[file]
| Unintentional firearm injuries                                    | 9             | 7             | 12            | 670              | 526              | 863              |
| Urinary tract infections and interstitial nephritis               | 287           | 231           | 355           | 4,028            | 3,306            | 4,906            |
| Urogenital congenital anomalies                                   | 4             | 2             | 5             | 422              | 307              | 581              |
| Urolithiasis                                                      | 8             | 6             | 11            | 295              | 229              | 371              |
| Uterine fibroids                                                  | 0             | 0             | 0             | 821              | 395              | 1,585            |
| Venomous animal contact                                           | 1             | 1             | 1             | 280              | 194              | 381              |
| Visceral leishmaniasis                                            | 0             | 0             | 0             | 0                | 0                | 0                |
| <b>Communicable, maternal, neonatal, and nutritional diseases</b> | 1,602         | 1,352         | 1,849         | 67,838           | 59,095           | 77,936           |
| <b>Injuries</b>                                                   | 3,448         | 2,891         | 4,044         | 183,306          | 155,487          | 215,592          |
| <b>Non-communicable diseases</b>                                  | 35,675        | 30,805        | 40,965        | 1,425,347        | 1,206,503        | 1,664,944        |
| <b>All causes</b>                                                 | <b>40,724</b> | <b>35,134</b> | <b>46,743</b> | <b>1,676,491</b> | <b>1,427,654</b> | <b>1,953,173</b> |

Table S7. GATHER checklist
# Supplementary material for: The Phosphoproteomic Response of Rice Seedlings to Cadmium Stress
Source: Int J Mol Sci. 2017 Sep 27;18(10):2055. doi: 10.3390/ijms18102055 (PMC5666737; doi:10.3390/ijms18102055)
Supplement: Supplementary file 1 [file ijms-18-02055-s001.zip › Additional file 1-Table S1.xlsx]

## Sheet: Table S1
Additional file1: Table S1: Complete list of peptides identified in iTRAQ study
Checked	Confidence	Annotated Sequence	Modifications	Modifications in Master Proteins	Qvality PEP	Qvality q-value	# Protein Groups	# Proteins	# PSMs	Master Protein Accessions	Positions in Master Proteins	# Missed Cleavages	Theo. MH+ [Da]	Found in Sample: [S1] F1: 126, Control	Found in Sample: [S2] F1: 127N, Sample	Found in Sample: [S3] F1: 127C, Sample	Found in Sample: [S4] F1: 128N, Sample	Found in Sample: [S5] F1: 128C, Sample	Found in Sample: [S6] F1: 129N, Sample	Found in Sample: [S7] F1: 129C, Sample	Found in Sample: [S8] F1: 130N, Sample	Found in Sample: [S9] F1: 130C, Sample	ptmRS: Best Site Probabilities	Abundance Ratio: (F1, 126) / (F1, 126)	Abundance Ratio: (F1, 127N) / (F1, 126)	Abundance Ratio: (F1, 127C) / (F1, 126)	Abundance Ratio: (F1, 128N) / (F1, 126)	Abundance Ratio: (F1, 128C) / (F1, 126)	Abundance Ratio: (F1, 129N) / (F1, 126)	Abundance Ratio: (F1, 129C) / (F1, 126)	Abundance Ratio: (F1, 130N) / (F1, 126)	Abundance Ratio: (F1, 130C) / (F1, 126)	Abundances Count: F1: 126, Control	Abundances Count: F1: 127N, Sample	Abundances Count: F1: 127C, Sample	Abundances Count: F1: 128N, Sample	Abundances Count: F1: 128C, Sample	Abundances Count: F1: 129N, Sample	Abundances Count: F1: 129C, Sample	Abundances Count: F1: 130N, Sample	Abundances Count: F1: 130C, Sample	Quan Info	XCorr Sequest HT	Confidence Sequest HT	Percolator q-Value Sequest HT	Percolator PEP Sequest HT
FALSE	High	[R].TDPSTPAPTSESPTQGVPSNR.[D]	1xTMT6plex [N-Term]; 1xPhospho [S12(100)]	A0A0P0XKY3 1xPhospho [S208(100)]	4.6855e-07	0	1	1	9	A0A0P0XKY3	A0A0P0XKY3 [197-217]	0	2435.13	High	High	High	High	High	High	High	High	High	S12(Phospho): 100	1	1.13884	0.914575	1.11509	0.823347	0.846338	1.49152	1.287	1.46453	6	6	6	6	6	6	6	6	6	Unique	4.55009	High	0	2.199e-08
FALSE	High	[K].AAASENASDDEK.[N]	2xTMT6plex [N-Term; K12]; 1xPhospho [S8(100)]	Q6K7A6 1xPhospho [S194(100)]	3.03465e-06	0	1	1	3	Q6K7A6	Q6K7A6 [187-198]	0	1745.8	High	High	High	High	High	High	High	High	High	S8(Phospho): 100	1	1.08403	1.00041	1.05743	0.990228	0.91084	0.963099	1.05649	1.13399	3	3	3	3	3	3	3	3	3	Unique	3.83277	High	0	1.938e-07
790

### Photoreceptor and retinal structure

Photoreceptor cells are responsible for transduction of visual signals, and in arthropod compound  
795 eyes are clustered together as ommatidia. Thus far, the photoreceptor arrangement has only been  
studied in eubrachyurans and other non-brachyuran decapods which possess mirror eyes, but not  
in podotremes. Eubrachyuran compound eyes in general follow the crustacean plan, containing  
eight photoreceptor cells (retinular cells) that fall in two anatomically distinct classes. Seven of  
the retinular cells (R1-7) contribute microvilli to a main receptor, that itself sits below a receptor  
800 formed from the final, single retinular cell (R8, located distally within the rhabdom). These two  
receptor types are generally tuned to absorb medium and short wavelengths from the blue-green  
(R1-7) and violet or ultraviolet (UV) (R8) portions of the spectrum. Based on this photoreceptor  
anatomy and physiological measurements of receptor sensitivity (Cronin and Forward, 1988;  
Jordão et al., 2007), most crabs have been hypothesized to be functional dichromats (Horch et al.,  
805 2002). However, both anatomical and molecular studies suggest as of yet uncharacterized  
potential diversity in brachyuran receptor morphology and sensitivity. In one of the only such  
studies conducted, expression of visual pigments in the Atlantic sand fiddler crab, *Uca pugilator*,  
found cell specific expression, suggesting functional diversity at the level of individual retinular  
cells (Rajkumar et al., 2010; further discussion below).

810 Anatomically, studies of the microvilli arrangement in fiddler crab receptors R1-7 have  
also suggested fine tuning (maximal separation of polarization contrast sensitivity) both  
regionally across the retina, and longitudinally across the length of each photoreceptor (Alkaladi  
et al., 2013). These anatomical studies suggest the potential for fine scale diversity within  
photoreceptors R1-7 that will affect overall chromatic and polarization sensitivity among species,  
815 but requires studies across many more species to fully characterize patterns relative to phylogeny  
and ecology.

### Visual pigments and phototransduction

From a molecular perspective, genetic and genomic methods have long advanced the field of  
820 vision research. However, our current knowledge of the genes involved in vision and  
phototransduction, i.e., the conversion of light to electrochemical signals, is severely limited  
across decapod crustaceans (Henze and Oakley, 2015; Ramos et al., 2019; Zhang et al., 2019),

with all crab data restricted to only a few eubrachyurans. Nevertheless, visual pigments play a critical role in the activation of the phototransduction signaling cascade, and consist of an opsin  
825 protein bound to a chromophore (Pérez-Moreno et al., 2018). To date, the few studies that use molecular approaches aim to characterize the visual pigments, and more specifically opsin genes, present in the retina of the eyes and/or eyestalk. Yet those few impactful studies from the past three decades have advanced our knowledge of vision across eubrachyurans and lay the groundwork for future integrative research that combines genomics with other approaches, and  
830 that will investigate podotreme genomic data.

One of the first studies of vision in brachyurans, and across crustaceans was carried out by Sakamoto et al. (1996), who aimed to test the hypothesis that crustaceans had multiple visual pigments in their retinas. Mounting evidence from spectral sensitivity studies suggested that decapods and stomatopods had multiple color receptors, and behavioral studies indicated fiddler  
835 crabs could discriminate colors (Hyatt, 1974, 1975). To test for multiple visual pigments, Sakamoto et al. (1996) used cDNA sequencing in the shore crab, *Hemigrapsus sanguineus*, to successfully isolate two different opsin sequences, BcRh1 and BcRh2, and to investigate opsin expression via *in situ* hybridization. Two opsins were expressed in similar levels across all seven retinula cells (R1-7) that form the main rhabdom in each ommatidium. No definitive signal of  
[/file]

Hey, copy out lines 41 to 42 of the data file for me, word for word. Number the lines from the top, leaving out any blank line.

regionally across the retina, and longitudinally across the length of each photoreceptor (Alkaladi  
et al., 2013). These anatomical studies suggest the potential for fine scale diversity within  